Like everyone else in the comic book world, I spent this past week soaking up the awesomeness that was Wednesday Comics. I was frightened at first (since there was a rumor that stores under-ordered), and my regular shop, Roger’s Time Machine, isn’t always fully stocked (still my favorite comic shop though).Luckily, that was not the case, and even though Wednesday Comics contained merely 15 pages of actual content, it took me twice as long to absorb compared to the Batman issue I purchased.
I can’t judge the stories yet, but the art is astounding; especially the Green Lantern story illustrated by Joe Quinones.I mean, all the artists were stellar, but Quinones’s work had a certain flare and quality that reminded me of Dave Stevens’s Rocketeer stuff; an old-school craftsmanship, you could say.I’ve never heard of Quinones before this week, but was completely blown away.This one issue of Wednesday Comics reminded me why I fell in love with comics in the first place.
Which coincidentally brings to mind a certain era: the 90s.The infamous speculators’ market. (Or was it spectator’s market?)Say what you will about the comics industry in the 90s, but in my mind, that was the last time a mass audience fell in love with American comics.Without mentioning Manga, of course.I have nothing against Manga, but those are just a different set of circumstances.And I’m not counting casual readers who don’t collect comics but follow titles such as Strangers in Paradise, Y: the Last Man, etc., etc.I’m well aware of the crossover hits.
During the 90s heyday – a ton of grade schoolers, college kids and young adults were falling in love with American comics as a medium, or at least as an industry.“Hurray, we can invest in multiple copies!”
Every boy in my 3rd grade class was reading X-MEN, collecting the Marvel and DC trading cards, and watching the X-MEN cartoon.Comic shops (or at least shops that carried comics) were ubiquitous (to an 8 year old anyway).I remember this one hobby shop in Chinatown jumped on the bandwagon and decided to sell comics too.Image stuff.Valiant stuff.These old Chinese men knew NOTHING about comics, yet they were making a killing.
I’m not really trying to get at anything; just contemplating out loud.It’s just kinda sad how the American comics industry isn’t solidifying a new fan-base.Even after the speculators’ bubble burst in the mid 90s, the top selling comic was still reaching numbers as high as 300,000.What’s the highest selling monthly these days?100,000?150,000?
One can argue that it’s better now, since graphic novels are more prominent in book stores and we’re developing a casual readership versus planting the seeds to create future fanboys.I get that, I know that.But quite frankly, the romantic in me, misses the 90s.I miss the idea of sneaking your weekly purchases into school, avoiding confiscation by your teacher, trading comics & cards back and forth.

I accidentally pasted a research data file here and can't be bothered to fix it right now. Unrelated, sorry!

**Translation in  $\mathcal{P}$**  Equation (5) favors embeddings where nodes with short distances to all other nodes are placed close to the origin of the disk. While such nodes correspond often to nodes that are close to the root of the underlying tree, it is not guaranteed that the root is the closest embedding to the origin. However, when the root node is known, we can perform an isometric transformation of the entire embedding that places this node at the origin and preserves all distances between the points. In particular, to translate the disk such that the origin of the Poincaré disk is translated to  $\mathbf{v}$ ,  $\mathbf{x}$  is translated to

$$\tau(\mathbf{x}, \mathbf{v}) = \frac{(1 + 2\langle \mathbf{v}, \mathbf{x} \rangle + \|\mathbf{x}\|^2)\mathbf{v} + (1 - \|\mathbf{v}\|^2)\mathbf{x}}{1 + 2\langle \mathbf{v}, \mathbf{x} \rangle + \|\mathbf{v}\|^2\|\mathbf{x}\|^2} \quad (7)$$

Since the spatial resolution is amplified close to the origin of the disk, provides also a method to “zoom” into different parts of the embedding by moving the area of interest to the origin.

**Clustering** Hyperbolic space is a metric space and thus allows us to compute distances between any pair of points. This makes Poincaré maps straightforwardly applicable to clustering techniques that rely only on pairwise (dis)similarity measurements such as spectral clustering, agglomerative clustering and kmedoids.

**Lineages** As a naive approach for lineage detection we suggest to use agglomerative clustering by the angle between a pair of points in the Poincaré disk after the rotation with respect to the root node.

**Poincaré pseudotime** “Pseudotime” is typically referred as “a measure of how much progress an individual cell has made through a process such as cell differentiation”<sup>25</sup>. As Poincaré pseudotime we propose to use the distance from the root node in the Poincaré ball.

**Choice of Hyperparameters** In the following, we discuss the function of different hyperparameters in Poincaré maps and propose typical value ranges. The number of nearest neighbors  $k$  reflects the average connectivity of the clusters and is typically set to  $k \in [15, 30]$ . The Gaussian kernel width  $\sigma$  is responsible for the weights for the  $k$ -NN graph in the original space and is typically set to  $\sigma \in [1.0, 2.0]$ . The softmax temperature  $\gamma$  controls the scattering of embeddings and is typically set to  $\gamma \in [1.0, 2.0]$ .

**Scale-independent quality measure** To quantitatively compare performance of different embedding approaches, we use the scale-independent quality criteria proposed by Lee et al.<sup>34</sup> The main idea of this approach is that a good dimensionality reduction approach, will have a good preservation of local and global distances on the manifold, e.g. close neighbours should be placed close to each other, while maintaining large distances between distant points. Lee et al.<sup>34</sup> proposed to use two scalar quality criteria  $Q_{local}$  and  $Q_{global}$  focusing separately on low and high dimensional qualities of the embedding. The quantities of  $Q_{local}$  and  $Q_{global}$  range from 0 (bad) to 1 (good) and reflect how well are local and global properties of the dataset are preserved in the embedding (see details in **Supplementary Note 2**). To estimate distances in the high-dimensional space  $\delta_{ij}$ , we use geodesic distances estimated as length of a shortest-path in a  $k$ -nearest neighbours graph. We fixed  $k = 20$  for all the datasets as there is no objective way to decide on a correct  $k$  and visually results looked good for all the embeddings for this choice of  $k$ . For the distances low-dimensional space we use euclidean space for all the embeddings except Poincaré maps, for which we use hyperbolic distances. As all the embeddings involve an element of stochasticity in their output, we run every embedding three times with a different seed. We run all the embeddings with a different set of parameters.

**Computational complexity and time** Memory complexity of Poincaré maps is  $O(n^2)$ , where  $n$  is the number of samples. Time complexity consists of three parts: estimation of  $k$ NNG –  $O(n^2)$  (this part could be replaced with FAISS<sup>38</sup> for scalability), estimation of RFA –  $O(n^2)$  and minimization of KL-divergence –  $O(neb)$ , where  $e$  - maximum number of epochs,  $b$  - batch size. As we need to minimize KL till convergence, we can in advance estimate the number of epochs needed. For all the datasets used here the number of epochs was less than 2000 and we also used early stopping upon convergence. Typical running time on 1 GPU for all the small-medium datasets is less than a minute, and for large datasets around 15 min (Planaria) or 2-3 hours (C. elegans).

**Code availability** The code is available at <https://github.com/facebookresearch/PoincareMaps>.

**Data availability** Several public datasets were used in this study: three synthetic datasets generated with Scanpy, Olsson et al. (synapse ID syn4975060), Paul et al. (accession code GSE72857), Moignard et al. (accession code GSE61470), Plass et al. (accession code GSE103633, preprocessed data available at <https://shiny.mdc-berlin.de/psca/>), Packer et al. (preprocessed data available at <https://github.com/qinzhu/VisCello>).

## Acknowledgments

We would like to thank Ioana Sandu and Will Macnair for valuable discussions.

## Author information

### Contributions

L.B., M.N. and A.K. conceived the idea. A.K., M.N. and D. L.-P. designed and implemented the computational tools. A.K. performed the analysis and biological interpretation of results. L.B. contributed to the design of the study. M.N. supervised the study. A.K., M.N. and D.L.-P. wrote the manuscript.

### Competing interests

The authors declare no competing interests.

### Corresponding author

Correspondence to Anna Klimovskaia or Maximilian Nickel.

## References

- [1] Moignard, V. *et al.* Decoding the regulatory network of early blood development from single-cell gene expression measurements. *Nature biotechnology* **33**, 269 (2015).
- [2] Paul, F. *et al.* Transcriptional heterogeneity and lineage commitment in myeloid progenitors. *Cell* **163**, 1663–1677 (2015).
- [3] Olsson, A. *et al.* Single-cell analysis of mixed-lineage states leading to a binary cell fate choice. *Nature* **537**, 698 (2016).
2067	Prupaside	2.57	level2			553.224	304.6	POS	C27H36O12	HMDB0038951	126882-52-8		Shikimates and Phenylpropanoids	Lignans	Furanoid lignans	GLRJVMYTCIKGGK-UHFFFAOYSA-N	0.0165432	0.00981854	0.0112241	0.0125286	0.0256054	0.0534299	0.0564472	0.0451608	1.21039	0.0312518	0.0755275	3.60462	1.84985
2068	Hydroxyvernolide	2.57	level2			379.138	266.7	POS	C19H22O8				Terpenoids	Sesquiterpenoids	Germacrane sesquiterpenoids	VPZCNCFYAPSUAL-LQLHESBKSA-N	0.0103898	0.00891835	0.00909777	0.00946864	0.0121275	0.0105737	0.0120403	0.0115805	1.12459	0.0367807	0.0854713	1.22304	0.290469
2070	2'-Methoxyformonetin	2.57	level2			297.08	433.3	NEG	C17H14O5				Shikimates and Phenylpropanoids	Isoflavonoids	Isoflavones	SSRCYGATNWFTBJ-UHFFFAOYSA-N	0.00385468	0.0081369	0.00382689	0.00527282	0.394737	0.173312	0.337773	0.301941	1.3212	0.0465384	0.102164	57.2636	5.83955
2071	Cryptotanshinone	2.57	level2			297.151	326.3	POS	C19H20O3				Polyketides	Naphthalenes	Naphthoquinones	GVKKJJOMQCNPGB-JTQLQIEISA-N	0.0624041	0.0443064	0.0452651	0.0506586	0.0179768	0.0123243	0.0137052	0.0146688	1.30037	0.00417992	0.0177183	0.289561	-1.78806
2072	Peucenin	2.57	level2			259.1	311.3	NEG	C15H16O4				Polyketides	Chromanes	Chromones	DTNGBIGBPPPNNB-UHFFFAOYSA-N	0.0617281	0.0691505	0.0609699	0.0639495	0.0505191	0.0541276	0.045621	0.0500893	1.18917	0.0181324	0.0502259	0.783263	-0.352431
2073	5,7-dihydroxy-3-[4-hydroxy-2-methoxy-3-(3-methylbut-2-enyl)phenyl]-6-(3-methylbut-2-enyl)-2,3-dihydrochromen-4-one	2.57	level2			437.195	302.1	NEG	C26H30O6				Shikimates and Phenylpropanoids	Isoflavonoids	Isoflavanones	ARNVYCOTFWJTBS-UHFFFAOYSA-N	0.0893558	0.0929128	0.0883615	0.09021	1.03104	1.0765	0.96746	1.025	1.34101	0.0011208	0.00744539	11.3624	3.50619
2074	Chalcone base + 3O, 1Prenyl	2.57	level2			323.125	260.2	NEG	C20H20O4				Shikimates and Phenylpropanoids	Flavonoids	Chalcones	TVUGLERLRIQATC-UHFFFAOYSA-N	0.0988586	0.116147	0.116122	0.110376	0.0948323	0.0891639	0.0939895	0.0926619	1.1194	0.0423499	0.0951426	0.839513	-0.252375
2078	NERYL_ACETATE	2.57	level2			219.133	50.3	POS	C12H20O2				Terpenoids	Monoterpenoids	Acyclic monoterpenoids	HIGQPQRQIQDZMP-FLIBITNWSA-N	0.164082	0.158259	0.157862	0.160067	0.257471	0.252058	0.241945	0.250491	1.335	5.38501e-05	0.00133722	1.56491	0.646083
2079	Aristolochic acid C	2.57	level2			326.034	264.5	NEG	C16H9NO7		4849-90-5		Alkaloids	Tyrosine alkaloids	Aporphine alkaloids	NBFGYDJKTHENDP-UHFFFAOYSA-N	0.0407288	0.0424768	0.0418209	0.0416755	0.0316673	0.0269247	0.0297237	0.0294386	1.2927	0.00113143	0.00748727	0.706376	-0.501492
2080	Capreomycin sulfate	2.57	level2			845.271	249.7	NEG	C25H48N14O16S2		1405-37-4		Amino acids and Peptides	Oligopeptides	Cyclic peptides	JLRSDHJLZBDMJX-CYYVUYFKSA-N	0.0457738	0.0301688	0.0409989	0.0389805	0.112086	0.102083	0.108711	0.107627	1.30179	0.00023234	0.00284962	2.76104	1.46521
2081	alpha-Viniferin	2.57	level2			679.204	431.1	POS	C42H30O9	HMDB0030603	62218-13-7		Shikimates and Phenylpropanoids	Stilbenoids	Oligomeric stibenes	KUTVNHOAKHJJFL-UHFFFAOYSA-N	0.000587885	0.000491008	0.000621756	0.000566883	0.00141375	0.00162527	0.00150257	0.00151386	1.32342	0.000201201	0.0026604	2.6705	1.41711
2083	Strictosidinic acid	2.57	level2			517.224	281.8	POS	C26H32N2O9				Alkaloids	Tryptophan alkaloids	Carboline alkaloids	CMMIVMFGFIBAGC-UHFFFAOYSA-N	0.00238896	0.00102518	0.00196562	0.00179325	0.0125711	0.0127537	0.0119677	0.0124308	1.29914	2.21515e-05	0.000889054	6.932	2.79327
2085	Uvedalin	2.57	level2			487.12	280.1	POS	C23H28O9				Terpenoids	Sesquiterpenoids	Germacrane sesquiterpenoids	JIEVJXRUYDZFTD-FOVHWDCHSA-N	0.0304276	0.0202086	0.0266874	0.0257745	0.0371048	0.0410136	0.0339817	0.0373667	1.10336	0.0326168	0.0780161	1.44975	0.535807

Ahh, the good ol’ days…
I know I’m just being nostalgic, and we always reconstruct memories in our head.I’m sure if you were an older reader at that time, you would’ve been horrified by the idea of Rob Liefeld starting his own studio.
Out of all the kids I knew in grade school / junior high who collected comics, I think I’m the only one still reading.That’s kinda sad, but not unexpected.You tend to outgrow things, but at least my old classmates will have American comics as a part of their childhood.“Hey, remember when we used to read Spawn?”They are the last people who will get to say that…
Anyway, that’s it for the ranting.Time for another installment of…
HOW TO MAKE A LIVING WITH YOUR ART WITHOUT BEING FAMOUS: ADVENTURES IN THE WORLD OF FREELANCING!!
If you’re an aspiring comic book artist and you’re having trouble breaking into the comics industry – try doing storyboards in the meantime.
Now, I’m not talking about storyboards for a big-budget Hollywood film.I’m talking about the countless independent filmmakers, screenwriters and producers who are in need of your artistic abilities to bring their projects to life (so they can pitch it to financiers).Think about it – storyboards and comics both utilize the art of sequential storytelling. But with storyboards, you don’t have to stress over every tiny detail (since more often than not, all that’s required are simple, loose drawings).
If you haven’t done so already, look on Craigslist, which is where I’ve found some worthwhile storyboard jobs.It should be much easier if you live in or near a metropolitan area.I find that a lot of people view Craigslist as simply a haven for spammers, scammers and crap gigs that pay you shit.Although that may be roughly accurate, there are always some hidden gems.More importantly, check job sites that cater to freelancers, such as Guru.com and iFreelance.Those two sites both costs money to join, of course.
Storyboarding will help expand your portfolio and hopefully put some cash in your pocket.Indie filmmakers are usually more willing to pay (even if it’s a little), versus most aspiring comic creators who prefer collaborations.I don’t have anything against the latter, but we’re talking about paying the bills here, right?You could make the argument that collaborations with a 50/50 split of future profits is more lucrative in the long run, and I completely respect that, but let’s not open up that can of worms tonight.